When a cure is found to return zombies to their human state and back into society, it’s not all smooth sailing as one of “the cured” returns to his family home harbouring a dark secret.
Featuring some great performances, particularly from Ellen Page, The Cured asks some potent questions but just labours under the weight of it being too similar to what preceded it. A worthwhile watch all the same.
Here Alone starts off strongly with plenty of intrigue as a lone woman makes a simple living for herself in the woods. The tension is always bubbling and threatening to boil over in the post-apocalypse, leading to plenty of anticipation for the reveal of the zombies, who are…terrible.
As soon as their weak designs appear on-screen for the first time, the whole thing bottoms out. It’s all downhill from that, featuring some terrible plot advancement and some very ropey sequences, but if you could bottle the first half an hour of Here Alone, you might have a small zombie movie gem on your hands.
35. The Rezort (2015)
Director: Steve Barker
Is The Rezort a good movie? Not particularly. Does it do anything different to what we’ve seen a hundred times already? Well, it’s Jurassic Park with zombies.
When you boil down its premise to just that succinct little tagline, it’s clear that this isn’t a movie you should take too seriously. Sure, it looks cheap at the worst of times and some of the acting veers into melodrama, but as a zombie movie, it’s effective escapism that might take you by surprise.
Compared considerably to Netflix’s excellent Kingdom show, Rampant features swords and zombies in an epic yarn between an exiled prince and the Joseon Minister of War in ancient Korea. Whereas Kingdom balances the undead horror with its drama, Rampant is guilty of preferring the latter to the former.
Really, the main thing that goes against Rampant is its format: it would be better suited to a long-form show to give itself more time to grow. Still, if it’s South Korean horror you want with decapitations and hordes of the undead aplenty, Rampant is great, often intense fun.
Is there a case to be made that Lupita Nyong’o is the new queen of horror? As well as turning in a fantastic dual performance in 2019’s Us, she also played the part of a preppy teacher in the midst of a zombie outbreak in Little Monsters remarkably well.
During a school trip to Pleasant Valley Farm, Miss. Caroline must not only contend with the advancing hordes and keeping the children safe, but also the advances of a man-child who’s tagged along. Often funny and packed with heart, Little Monsters seems to have passed by a lot of people, so give it a chance when you can.
32. The Night Eats The World (2018)
Director: Dominique Rocher
After a depressing night at a party, a man wakes alone in an apartment building in an even more depressing situation. The infected have ravaged France overnight, leaving him completely isolated and one of the last remaining people alive in the world. He only he has himself (and an infected stuck in an elevator) for company, but he can’t even trust his own thoughts.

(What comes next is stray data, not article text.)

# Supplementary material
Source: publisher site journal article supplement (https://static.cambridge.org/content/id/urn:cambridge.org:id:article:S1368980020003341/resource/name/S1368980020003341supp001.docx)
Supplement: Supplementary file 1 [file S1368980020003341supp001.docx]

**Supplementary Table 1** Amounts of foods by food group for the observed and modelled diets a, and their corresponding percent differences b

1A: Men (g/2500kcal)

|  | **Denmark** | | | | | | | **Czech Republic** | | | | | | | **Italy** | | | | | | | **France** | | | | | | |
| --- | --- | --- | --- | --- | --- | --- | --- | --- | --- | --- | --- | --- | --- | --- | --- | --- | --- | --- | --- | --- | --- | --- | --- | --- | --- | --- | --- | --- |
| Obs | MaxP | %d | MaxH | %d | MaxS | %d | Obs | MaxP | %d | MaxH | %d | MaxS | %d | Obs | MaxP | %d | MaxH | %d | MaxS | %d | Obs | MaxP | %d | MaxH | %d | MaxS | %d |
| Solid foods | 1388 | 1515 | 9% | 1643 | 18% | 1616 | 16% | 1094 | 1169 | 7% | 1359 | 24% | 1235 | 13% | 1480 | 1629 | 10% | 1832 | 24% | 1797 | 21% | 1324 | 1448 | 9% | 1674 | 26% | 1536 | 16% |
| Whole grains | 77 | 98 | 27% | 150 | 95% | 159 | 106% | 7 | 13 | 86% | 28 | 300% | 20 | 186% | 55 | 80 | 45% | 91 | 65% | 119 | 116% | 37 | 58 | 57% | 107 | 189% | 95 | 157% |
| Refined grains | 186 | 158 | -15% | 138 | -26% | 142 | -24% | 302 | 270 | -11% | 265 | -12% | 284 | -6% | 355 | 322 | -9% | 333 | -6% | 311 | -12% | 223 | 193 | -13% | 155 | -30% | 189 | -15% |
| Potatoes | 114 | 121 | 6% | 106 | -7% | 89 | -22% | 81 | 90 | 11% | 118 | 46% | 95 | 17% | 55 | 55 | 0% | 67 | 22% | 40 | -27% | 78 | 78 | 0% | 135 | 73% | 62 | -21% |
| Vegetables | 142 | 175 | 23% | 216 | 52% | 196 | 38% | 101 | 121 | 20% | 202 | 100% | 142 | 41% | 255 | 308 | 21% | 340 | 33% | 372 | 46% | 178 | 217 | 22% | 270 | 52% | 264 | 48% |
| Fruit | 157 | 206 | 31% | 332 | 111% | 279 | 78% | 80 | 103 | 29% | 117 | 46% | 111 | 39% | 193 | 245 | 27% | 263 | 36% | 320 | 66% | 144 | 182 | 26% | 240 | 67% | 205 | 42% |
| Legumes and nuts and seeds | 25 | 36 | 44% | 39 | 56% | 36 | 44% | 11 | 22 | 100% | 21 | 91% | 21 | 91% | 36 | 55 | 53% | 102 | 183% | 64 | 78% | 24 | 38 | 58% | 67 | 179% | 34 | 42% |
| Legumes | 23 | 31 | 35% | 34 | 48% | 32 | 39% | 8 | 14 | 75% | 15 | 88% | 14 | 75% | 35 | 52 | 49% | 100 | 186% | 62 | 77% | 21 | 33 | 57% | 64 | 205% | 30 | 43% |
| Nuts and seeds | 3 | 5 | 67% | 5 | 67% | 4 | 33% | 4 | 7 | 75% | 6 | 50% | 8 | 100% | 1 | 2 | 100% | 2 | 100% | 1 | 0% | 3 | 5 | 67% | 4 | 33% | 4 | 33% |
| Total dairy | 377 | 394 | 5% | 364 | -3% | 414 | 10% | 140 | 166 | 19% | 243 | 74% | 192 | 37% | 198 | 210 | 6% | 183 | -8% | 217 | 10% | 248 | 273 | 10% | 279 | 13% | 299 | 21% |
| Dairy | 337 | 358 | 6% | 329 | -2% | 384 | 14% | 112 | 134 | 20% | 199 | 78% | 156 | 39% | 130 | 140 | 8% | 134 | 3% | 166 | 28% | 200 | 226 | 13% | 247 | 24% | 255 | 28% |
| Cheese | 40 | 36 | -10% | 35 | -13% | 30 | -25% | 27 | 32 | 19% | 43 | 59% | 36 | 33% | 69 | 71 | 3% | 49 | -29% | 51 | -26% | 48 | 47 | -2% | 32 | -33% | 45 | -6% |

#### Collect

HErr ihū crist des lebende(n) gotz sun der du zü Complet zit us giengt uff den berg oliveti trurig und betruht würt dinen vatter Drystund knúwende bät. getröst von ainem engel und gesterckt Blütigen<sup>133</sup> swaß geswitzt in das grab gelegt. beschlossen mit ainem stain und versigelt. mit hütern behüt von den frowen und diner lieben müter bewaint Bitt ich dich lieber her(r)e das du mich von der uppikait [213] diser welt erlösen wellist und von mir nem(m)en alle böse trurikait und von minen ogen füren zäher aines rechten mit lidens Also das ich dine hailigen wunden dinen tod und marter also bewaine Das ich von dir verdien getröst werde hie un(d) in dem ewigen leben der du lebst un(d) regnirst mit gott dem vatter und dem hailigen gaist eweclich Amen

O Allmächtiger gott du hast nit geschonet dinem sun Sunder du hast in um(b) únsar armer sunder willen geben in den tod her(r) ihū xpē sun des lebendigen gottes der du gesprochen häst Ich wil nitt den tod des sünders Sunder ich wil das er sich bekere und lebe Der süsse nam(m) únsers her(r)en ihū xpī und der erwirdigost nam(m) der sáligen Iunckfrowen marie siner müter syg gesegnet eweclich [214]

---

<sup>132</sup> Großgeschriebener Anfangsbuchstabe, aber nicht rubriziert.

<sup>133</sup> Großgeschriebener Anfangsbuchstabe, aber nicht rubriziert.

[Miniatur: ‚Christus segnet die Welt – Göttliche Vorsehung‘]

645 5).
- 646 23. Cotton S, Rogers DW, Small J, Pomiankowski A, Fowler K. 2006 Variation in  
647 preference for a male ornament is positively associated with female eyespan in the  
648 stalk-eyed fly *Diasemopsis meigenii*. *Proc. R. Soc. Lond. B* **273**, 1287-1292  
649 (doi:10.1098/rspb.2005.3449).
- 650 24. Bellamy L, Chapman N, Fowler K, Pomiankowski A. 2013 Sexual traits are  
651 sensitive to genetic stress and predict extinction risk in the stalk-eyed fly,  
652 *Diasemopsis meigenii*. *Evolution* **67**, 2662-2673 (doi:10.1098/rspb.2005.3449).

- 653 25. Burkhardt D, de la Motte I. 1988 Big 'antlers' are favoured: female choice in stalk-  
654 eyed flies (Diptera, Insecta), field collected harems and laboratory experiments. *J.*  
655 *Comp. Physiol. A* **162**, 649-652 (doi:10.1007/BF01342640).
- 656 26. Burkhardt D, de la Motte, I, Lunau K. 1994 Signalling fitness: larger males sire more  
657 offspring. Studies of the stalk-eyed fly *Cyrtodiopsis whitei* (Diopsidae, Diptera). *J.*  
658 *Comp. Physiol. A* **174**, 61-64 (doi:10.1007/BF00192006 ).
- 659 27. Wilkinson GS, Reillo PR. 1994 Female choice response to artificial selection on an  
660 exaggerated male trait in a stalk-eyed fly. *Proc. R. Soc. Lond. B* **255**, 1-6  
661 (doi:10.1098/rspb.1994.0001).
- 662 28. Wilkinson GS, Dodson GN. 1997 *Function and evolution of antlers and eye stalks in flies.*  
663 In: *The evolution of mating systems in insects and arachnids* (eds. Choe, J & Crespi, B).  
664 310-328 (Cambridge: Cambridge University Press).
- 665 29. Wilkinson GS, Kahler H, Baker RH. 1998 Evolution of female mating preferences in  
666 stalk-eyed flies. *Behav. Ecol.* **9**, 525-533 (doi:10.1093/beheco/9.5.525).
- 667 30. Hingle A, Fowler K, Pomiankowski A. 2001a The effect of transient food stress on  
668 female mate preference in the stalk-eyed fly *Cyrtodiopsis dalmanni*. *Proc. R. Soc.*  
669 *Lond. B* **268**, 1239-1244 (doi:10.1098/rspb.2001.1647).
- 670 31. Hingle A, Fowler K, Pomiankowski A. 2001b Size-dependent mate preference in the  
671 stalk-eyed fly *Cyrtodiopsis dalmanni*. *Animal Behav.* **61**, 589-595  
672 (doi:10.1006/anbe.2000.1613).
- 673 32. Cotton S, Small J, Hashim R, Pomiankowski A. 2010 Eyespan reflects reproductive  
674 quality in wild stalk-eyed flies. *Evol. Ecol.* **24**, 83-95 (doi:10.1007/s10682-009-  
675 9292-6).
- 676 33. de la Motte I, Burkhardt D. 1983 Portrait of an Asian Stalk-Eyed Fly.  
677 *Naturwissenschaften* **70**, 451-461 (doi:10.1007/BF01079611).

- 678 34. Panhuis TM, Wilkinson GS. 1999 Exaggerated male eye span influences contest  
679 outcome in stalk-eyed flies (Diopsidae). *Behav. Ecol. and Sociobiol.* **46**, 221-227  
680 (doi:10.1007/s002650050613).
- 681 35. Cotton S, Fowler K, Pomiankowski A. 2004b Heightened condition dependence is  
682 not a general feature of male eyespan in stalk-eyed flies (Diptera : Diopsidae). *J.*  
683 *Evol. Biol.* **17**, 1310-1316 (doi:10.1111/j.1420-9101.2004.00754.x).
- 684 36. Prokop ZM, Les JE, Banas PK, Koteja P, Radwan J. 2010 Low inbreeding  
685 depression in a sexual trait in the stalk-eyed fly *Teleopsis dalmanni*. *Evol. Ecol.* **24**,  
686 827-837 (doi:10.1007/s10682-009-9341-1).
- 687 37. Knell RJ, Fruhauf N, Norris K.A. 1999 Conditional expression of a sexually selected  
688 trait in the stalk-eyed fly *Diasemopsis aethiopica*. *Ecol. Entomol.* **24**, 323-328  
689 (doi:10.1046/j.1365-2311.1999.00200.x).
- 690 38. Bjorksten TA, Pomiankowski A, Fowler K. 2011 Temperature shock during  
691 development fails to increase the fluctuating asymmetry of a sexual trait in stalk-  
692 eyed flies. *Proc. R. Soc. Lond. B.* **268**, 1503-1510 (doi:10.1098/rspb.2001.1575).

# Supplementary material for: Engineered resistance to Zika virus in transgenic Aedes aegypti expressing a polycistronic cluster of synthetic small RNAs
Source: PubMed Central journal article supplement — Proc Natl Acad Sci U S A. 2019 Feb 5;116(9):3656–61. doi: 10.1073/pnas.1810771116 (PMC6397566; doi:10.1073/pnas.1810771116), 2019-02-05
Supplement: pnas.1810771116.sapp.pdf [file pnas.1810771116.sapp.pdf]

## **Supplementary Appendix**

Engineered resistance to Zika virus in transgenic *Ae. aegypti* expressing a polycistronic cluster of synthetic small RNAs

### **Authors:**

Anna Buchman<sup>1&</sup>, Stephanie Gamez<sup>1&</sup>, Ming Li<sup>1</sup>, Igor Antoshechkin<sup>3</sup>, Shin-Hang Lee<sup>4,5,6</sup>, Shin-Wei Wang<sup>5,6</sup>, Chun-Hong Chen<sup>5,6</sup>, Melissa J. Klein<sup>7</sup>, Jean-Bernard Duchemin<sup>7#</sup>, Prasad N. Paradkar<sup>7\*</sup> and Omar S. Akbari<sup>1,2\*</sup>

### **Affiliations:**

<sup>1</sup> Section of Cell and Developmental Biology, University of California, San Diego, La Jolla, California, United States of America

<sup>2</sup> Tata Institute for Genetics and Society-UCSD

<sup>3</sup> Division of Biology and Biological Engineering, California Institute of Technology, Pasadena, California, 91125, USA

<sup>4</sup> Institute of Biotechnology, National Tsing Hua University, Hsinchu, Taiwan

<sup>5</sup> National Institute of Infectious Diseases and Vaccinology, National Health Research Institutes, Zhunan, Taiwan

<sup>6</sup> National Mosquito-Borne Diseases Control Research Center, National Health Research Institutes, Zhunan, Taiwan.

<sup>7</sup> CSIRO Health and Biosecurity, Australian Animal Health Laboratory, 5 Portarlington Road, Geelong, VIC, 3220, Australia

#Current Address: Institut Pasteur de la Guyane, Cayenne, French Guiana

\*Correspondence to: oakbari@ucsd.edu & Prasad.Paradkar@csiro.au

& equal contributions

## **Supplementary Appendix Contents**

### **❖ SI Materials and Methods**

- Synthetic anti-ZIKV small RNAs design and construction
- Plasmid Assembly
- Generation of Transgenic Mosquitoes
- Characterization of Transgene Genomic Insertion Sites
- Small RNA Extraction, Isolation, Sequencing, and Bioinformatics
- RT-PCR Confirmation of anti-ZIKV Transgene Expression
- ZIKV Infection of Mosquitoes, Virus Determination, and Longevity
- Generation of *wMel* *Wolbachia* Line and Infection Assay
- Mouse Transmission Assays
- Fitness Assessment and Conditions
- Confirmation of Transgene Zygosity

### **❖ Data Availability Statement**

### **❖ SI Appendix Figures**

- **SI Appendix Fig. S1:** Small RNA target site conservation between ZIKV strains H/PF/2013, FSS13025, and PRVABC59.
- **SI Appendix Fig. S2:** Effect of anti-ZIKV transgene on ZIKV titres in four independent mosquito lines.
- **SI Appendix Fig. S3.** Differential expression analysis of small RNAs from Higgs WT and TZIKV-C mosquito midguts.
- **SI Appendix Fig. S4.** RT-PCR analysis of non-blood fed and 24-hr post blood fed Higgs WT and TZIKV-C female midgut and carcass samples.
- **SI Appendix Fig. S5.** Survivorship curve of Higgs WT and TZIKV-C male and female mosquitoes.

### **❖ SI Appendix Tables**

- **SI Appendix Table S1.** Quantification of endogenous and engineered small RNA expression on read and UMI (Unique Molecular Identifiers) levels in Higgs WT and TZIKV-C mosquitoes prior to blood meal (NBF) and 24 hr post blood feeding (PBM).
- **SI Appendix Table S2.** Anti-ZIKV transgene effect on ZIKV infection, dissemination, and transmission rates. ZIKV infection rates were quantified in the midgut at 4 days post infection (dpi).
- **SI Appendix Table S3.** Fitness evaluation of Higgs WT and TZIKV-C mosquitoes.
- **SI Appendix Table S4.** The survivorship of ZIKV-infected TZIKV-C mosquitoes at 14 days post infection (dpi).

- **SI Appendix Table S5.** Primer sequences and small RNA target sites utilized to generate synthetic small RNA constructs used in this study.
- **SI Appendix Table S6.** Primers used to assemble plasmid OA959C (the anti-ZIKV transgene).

The Night Eats The World attempts plenty of unique twists on the subgenre, which includes almost completely mute zombies — you get the impression that this will cause some people terror and others to just laugh. It’s definitely a slow burner with a “twist” that is completely obvious, but if it’s an unusual zombie movie you want, The Night Eats The World is it.
A popularly conflicting movie, Henry Hobson’s Maggie is a fascinating look into the deterioration of a young girl’s humanity as she gradually becomes one of the undead. Her father, played spectacularly by Arnold Schwarzenegger, does everything in his power to keep her safe and away from the inevitable.
Not one for action fans, Maggie is instead an introspective look at love and what it means to be human, though it does have its pacing issues. Still, if you want to catch Arnie in one of his most underrated roles, it’s one that pulls at the emotions.
This movie could have been so much better – if it had stuck closer to the games it was based upon, that would have been a start. The fact that they spend the most fleeting amount of time above ground in the Spencer Mansion feels like the ultimate tease.
Despite dispatching of most of its cast in the feeblest way possible instead of making them undead chow, Resident Evil has a few good moments of zombie action. Shame the rest of it is such a bizarre hodge-podge of nu-metal music videos and slow-motion, then, but there’s still a lot of enjoyment to be had.
Just before the found footage subgenre reached its peak, the late, great George A. Romero released his spin on things with Diary of the Dead, which, somehow took place in the same timeframe as Night of the Living Dead.
Featuring plenty of memorable moments (Amish farmer, anyone?) but a lack of consistent quality, Diary of the Dead is certainly watchable but nowhere near the top of Romero’s zombie filmography. Still, it’s one of the better found footage movies out there.
Dance of the Dead is a modern zombie movie that is dumber than Harry and Lloyd rolling around in nuclear waste talking about creationism.
That’s not necessarily a bad thing as Dance of the Dead doesn’t make the mistake of taking itself seriously for even a second. A light-hearted effort centred around a zombie outbreak during a high school prom and you can fill in the blanks about what happens next.
The Ford brothers’ 2010 African adventure is a movie that I staved off watching for the longest time. It’s been polarisingly received by zombie movie fans, who might not have appreciated its slower tempo and more hesitant approach to a world filled with the undead.
If you can deal with not having action sequences every five minutes, The Dead takes a leaf out of the Romero guidebook and it works wonders for it. The sequel ain’t so hot, though.
26. Seoul Station (2016)
Director: Yeon Sang-ho
While not as captivating or as emotional as its live-action counterpart thanks to some bizarre writing decisions in the final third, Seoul Station is a worthy companion piece to the seminal Train To Busan.
This South Korean animated movie follows the onset of the outbreak that wreaks havoc in Busan and deals in themes of family, though not with quite the same amount of love as Busan. Seoul Station is considerably darker and less optimistic than its sequel, which really is saying something.